There is also a nice activity here on somewhere about a weekly "quiz" in class dealing with each section of the periodic table.  

Fri, 07/12/2013 - 21:13 Permalink
Chip Nataro / Lafayette College

I think main group descriptive chemistry is an important component of the inorganic curriculum. After reading his autobiography, I found the J. Chem. Ed. article ( by Basolo to be very interesting. I implemented this approach in my sophomore inorganic class this past spring. I would love to say it went well, but it did not. I was especially dismayed when several students proposed Na (s) and H2O (l) as products in the reaction of NaOH with SO2 (sorry, I don't recall their S containing product). Here is my take on this matter. We are teaching 'intuition'. How do you do that? I don't know. I think it comes down to seeing material. You can clearly never teach everything. But if they can see some common valences and structure types it is a starting point. Like most things in chemistry, you have to see many different examples at different times to get a true appreciation for it. 

Mon, 07/15/2013 - 11:14 Permalink
Sabrina Sobel / Hofstra University

It's definitely important. You can incorporate history into it, by discussing the limestone to concrete trandformation, production of sulfuric acid (by far the biggest chemical product by tonnage), isolation and purification of Bauxite and electrochemical reduction to aluminum - this also has a tie-in to an environmental diaster in Germany a couple of years ago when a bauxite purification plant spilled caustic solution into a nearby town. The liquid was lurid red due to high iron content - that leads to a nice discussion about how iron and aluminum often co-precipitate in minerals due to similarities in charge and size. Heavy metal contamination can be discussed in light of the recent disaster in Kentucky(?) in which coal fly ash was spilled out of a mountaintop when a containment pond failed.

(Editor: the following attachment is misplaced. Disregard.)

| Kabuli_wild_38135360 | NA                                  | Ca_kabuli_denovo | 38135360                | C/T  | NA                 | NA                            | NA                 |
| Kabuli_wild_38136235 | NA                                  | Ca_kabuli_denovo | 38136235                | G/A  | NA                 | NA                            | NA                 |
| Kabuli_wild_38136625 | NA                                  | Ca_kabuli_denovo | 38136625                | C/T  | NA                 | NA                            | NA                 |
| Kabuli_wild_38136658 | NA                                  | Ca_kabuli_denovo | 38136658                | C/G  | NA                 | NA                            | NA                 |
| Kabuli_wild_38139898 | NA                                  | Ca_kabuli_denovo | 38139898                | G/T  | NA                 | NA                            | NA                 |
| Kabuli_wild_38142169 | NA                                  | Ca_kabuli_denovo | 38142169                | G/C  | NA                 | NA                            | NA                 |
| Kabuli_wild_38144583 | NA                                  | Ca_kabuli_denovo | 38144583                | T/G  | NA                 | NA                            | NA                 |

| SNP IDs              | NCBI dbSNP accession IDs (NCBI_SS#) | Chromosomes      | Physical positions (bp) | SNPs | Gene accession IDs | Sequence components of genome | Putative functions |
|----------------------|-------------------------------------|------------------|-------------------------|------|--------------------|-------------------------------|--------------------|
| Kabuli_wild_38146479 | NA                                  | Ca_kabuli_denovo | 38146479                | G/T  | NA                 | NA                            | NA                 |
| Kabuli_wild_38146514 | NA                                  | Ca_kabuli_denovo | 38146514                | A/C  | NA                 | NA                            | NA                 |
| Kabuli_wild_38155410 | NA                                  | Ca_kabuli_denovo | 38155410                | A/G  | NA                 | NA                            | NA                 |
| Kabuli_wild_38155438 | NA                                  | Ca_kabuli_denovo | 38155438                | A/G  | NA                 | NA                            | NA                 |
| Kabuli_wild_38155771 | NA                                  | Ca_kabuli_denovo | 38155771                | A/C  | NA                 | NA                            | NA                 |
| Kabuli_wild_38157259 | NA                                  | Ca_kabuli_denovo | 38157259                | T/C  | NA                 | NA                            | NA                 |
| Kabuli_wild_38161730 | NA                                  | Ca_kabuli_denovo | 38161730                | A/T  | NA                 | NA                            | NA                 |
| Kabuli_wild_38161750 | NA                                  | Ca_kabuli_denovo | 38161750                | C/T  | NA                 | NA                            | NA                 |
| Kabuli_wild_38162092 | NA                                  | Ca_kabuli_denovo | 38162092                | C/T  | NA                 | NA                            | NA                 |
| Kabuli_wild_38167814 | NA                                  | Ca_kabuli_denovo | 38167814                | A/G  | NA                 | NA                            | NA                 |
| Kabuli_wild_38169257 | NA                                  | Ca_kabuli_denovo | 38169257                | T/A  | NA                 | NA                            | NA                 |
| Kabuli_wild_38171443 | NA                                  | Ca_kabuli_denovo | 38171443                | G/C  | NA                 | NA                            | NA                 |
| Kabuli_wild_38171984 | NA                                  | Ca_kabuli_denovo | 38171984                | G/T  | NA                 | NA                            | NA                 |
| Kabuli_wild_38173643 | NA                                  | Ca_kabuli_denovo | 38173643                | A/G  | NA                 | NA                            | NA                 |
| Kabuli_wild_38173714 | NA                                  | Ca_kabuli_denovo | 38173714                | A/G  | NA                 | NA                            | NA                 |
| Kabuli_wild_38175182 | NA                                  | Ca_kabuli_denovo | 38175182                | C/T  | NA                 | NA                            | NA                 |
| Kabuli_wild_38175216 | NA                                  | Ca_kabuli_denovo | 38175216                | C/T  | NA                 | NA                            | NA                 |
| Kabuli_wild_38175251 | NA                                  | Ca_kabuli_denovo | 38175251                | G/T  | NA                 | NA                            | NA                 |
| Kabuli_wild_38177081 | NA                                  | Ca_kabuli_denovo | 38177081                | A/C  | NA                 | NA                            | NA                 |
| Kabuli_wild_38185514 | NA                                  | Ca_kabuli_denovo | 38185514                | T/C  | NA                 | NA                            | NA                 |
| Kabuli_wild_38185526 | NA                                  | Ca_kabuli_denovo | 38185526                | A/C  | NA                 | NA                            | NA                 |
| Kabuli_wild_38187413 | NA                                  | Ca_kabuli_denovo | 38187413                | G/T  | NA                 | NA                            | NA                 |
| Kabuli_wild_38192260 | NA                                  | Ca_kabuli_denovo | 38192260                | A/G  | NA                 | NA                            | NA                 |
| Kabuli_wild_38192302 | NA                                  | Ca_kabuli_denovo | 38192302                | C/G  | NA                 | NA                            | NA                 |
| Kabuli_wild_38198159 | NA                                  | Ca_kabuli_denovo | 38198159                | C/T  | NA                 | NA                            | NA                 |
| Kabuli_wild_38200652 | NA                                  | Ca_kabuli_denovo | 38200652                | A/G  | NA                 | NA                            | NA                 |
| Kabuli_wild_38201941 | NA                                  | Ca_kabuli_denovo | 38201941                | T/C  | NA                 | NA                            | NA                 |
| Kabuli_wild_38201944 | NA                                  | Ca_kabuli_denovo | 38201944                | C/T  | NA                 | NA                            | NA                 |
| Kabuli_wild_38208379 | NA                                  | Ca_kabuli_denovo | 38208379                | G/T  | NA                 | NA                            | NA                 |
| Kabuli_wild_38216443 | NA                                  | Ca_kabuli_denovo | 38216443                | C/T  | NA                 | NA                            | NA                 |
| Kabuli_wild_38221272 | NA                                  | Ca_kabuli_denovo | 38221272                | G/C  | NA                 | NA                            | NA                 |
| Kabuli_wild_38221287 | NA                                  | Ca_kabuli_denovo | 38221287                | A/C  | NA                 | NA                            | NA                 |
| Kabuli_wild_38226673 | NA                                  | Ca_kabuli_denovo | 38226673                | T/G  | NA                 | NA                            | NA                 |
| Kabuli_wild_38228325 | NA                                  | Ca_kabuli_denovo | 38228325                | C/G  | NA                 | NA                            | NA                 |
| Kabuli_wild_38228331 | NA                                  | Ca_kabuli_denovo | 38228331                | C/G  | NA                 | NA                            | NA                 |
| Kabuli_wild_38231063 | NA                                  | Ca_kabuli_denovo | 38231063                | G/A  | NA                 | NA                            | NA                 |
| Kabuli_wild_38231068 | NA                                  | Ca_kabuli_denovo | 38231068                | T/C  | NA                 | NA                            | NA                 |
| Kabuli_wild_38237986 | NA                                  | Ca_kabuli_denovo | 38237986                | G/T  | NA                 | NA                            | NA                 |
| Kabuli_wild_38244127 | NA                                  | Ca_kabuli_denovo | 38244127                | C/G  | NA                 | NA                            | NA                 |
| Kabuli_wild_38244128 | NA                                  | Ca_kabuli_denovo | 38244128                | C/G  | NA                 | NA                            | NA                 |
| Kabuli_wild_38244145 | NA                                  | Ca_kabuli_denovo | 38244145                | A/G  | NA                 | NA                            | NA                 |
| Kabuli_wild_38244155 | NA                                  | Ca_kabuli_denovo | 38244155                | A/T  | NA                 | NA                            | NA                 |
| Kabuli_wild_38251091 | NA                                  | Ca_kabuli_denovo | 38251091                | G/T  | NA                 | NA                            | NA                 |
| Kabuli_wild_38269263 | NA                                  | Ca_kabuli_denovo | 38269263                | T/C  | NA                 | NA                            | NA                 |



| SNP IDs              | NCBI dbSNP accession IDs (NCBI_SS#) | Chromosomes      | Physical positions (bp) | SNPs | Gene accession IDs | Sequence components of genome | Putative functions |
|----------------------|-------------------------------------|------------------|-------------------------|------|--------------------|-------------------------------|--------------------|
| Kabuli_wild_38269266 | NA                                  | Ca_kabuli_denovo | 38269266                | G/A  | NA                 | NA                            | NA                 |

Mon, 07/15/2013 - 11:38 Permalink
Anthony L. Fernandez / Merrimack College

Hello all,

I have used an approach similar to that mentioned by Amanda. I have randomly assigned a group from the periodic table (1-8 and lanthanides and actindes) to the students and they had to create a wiki page on their group chemistry.  These pages were shared with the rest of the members of the class. I then added two questions on the final exam - each student got a question based upon their assigned group and then had to choose one question from the ones based upon the other groups.

This worked reasonaly well, but I was very ushappy with the wiki software.  I did not use this assignment this year, and I am trying to retool it for the upcoming academic year. 

Mon, 07/22/2013 - 17:28 Permalink